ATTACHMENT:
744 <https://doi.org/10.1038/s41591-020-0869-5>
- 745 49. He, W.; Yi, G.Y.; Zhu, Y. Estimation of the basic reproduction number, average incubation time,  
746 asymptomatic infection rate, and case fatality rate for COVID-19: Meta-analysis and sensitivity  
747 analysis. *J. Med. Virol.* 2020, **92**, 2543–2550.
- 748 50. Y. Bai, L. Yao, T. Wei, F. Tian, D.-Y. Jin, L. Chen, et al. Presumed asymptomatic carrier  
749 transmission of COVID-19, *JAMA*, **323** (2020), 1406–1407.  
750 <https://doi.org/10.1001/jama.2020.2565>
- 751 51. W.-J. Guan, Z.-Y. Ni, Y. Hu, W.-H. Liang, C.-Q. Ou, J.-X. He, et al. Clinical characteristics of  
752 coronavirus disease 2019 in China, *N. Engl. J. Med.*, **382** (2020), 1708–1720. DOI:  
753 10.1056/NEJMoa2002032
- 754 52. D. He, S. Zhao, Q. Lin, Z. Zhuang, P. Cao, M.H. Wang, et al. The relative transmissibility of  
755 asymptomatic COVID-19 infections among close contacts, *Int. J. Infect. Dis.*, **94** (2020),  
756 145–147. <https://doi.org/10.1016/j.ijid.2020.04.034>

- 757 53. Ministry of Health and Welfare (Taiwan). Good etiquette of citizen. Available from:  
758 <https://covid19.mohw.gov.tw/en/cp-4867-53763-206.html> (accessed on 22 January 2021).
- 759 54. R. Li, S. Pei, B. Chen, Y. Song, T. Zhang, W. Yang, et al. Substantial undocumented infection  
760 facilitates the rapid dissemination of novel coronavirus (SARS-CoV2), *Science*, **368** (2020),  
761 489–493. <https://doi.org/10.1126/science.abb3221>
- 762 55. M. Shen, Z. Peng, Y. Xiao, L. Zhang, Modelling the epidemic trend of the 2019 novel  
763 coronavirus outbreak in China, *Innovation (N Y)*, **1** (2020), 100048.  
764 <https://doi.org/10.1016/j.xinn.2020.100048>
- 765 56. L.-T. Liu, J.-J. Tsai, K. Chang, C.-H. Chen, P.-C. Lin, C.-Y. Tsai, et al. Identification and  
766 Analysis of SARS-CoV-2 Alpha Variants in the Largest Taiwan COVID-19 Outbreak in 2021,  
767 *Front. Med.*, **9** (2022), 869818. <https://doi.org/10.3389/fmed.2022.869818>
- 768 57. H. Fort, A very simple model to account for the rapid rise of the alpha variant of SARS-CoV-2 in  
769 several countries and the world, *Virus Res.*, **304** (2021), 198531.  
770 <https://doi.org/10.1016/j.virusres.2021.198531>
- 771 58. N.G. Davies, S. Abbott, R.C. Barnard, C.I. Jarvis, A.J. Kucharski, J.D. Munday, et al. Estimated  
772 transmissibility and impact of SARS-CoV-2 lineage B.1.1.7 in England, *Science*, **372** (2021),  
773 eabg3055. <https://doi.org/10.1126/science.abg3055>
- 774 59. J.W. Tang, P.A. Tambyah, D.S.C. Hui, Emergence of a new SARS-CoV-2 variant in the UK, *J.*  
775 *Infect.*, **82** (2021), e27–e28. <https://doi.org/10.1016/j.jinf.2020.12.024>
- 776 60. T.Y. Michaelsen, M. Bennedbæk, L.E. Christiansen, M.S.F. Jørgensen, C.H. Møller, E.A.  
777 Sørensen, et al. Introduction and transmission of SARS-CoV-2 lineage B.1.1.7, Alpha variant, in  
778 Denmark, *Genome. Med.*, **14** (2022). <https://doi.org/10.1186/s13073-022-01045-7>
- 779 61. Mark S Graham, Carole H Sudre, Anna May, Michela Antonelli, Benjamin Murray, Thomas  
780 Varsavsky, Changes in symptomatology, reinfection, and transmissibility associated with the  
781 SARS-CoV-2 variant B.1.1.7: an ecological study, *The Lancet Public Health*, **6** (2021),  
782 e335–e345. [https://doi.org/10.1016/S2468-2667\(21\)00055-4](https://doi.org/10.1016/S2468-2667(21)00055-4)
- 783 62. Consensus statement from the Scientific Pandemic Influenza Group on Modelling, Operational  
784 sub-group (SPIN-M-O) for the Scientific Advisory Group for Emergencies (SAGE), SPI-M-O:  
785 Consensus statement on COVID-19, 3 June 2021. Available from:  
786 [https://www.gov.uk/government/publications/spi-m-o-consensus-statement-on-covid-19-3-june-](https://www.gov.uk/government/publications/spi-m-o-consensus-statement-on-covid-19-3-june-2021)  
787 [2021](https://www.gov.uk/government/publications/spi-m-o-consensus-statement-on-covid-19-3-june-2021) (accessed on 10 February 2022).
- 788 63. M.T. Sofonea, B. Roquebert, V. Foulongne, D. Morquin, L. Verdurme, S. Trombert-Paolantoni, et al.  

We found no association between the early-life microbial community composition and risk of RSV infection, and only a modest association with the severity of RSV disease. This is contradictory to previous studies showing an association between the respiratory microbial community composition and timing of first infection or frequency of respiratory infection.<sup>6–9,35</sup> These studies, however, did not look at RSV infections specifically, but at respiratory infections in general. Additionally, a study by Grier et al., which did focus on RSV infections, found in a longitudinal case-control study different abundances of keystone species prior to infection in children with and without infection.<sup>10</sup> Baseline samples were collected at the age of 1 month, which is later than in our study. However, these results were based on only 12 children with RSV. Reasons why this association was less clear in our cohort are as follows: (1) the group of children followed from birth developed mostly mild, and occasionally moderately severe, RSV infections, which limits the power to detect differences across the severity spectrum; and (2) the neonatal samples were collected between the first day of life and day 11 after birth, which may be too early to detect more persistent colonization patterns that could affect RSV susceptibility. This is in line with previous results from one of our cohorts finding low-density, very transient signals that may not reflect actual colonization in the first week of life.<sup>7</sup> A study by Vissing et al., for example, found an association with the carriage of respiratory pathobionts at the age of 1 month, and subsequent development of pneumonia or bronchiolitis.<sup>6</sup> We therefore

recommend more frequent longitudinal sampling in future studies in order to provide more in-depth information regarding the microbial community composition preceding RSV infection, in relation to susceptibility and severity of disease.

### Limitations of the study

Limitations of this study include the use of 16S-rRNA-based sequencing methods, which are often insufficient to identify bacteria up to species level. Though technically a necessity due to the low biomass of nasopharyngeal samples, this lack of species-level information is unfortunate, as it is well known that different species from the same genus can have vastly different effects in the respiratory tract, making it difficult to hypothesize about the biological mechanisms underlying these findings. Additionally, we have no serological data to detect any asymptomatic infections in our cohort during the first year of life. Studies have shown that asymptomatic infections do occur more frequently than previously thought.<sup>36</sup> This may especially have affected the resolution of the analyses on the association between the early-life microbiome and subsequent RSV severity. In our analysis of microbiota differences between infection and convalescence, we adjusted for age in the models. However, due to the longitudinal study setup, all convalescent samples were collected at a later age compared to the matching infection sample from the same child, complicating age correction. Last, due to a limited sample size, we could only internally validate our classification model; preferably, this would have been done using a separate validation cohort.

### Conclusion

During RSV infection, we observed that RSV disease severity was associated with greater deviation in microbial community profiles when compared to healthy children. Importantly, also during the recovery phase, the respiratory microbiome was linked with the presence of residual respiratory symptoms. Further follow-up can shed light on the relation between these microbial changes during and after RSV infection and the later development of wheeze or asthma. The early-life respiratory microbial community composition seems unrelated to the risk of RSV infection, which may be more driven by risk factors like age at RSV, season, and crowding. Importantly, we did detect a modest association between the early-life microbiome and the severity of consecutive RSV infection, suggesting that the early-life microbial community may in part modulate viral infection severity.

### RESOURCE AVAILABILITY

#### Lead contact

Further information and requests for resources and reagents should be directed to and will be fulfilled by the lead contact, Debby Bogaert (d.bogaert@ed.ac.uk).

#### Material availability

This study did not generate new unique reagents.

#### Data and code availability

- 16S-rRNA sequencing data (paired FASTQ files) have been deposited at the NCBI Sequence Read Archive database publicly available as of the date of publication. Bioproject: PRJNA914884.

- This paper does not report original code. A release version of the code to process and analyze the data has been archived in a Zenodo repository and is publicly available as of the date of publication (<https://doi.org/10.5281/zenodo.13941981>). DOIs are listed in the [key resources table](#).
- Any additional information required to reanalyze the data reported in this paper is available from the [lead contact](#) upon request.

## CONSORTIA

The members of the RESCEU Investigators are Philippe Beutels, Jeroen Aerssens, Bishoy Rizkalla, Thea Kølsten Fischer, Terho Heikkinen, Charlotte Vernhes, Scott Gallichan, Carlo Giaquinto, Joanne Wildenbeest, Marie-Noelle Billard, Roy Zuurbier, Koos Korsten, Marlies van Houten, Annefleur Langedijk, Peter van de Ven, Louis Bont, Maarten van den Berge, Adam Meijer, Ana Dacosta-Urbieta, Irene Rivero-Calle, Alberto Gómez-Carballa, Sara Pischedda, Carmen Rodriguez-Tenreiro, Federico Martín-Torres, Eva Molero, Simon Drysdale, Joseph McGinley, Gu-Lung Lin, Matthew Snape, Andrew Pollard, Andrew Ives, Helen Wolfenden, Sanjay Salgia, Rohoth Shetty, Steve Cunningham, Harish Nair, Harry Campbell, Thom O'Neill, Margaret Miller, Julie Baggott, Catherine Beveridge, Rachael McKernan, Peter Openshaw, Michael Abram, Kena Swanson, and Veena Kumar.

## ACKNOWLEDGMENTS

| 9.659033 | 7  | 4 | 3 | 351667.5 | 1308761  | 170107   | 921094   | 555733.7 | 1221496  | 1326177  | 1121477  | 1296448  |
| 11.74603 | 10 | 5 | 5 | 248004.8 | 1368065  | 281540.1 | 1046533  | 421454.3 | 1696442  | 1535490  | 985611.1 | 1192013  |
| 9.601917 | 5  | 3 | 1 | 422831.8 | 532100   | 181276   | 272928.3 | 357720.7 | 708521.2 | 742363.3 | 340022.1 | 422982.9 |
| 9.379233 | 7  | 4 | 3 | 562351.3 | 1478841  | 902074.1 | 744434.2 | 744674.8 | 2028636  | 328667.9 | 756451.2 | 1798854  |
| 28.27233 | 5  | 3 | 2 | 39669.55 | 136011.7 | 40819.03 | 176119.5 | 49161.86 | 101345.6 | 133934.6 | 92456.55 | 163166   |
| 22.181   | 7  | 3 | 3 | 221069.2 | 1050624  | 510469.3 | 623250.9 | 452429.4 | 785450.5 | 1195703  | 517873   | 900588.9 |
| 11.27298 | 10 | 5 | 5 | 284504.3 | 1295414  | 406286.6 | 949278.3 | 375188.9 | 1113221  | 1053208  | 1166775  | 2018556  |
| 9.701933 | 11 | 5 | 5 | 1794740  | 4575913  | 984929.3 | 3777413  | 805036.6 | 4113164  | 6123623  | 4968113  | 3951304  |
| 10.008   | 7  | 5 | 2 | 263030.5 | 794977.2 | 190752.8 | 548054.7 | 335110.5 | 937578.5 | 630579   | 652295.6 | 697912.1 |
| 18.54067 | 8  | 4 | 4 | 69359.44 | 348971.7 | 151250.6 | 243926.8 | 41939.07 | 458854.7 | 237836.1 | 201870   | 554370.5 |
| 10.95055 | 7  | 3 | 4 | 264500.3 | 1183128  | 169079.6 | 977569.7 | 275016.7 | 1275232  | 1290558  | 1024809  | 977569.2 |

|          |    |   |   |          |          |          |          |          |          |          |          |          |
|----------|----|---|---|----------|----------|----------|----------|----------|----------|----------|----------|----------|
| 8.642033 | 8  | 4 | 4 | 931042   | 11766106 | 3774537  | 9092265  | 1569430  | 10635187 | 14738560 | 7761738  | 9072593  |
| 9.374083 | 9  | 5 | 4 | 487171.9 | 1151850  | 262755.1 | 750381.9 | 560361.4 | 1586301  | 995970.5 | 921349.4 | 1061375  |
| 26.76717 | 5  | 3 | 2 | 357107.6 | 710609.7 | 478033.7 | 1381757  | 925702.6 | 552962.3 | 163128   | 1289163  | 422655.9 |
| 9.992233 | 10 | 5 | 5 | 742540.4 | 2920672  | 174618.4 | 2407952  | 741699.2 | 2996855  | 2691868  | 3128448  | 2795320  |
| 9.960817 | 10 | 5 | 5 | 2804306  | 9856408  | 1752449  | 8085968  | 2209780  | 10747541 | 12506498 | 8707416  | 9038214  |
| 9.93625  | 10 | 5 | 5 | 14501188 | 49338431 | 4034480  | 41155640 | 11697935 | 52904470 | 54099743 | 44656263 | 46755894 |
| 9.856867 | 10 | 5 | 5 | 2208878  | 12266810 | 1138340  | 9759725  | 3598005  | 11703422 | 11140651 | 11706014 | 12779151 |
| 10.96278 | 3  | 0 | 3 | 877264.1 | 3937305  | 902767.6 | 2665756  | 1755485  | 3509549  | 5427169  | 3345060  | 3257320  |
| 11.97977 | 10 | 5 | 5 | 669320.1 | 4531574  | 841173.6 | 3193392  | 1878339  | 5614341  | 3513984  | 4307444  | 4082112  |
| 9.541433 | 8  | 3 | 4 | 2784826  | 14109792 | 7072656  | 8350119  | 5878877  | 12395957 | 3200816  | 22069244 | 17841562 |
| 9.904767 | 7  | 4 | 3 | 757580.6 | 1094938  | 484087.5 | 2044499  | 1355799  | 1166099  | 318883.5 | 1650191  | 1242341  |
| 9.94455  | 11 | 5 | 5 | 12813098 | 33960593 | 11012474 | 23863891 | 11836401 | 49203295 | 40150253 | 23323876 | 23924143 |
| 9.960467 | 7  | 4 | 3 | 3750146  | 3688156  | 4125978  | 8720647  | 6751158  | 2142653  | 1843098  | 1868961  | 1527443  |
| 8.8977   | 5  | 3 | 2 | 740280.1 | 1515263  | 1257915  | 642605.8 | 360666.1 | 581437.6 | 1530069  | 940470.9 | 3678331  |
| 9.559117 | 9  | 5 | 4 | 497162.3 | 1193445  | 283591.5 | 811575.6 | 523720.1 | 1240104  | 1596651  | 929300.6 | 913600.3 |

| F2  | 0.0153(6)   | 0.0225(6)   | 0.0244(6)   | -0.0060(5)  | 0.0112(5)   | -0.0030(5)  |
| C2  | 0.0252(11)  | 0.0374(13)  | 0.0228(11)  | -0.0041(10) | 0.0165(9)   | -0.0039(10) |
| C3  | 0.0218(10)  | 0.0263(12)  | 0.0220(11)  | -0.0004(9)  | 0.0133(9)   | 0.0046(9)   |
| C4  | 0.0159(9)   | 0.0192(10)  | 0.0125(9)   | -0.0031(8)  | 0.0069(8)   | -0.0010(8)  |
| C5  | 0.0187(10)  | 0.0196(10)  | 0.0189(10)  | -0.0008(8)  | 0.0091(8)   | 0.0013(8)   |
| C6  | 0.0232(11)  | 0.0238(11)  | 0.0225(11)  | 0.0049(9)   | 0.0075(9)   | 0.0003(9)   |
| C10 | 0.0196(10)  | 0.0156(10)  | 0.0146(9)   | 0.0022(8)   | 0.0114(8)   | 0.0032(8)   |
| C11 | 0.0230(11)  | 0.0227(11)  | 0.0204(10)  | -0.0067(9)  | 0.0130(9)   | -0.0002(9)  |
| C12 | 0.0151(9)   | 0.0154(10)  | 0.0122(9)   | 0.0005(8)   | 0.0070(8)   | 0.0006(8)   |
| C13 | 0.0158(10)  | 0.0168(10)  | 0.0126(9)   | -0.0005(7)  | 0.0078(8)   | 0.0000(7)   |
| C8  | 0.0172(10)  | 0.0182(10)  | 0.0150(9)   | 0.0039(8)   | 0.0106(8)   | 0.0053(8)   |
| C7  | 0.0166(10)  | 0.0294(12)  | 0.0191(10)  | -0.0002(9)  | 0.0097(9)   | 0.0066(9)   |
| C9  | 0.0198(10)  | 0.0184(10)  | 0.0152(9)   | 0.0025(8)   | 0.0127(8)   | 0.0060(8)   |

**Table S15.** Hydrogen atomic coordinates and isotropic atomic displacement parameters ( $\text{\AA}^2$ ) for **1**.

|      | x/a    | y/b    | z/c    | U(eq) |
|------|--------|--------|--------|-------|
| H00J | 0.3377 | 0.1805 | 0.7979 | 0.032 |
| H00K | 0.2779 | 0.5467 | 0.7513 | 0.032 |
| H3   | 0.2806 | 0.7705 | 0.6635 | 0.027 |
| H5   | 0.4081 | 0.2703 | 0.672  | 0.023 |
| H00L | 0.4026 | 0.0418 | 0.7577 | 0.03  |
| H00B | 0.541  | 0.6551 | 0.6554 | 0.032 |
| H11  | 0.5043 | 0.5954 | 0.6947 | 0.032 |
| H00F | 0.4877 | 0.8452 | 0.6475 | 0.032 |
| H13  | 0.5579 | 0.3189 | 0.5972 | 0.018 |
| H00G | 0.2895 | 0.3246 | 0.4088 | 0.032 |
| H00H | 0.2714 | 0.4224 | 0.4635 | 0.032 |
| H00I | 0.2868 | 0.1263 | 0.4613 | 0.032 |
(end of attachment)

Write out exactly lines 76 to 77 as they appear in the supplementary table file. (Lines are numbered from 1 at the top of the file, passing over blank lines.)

|----------|----|---|---|----------|----------|----------|----------|----------|----------|----------|----------|----------|
| 8.642033 | 8  | 4 | 4 | 931042   | 11766106 | 3774537  | 9092265  | 1569430  | 10635187 | 14738560 | 7761738  | 9072593  |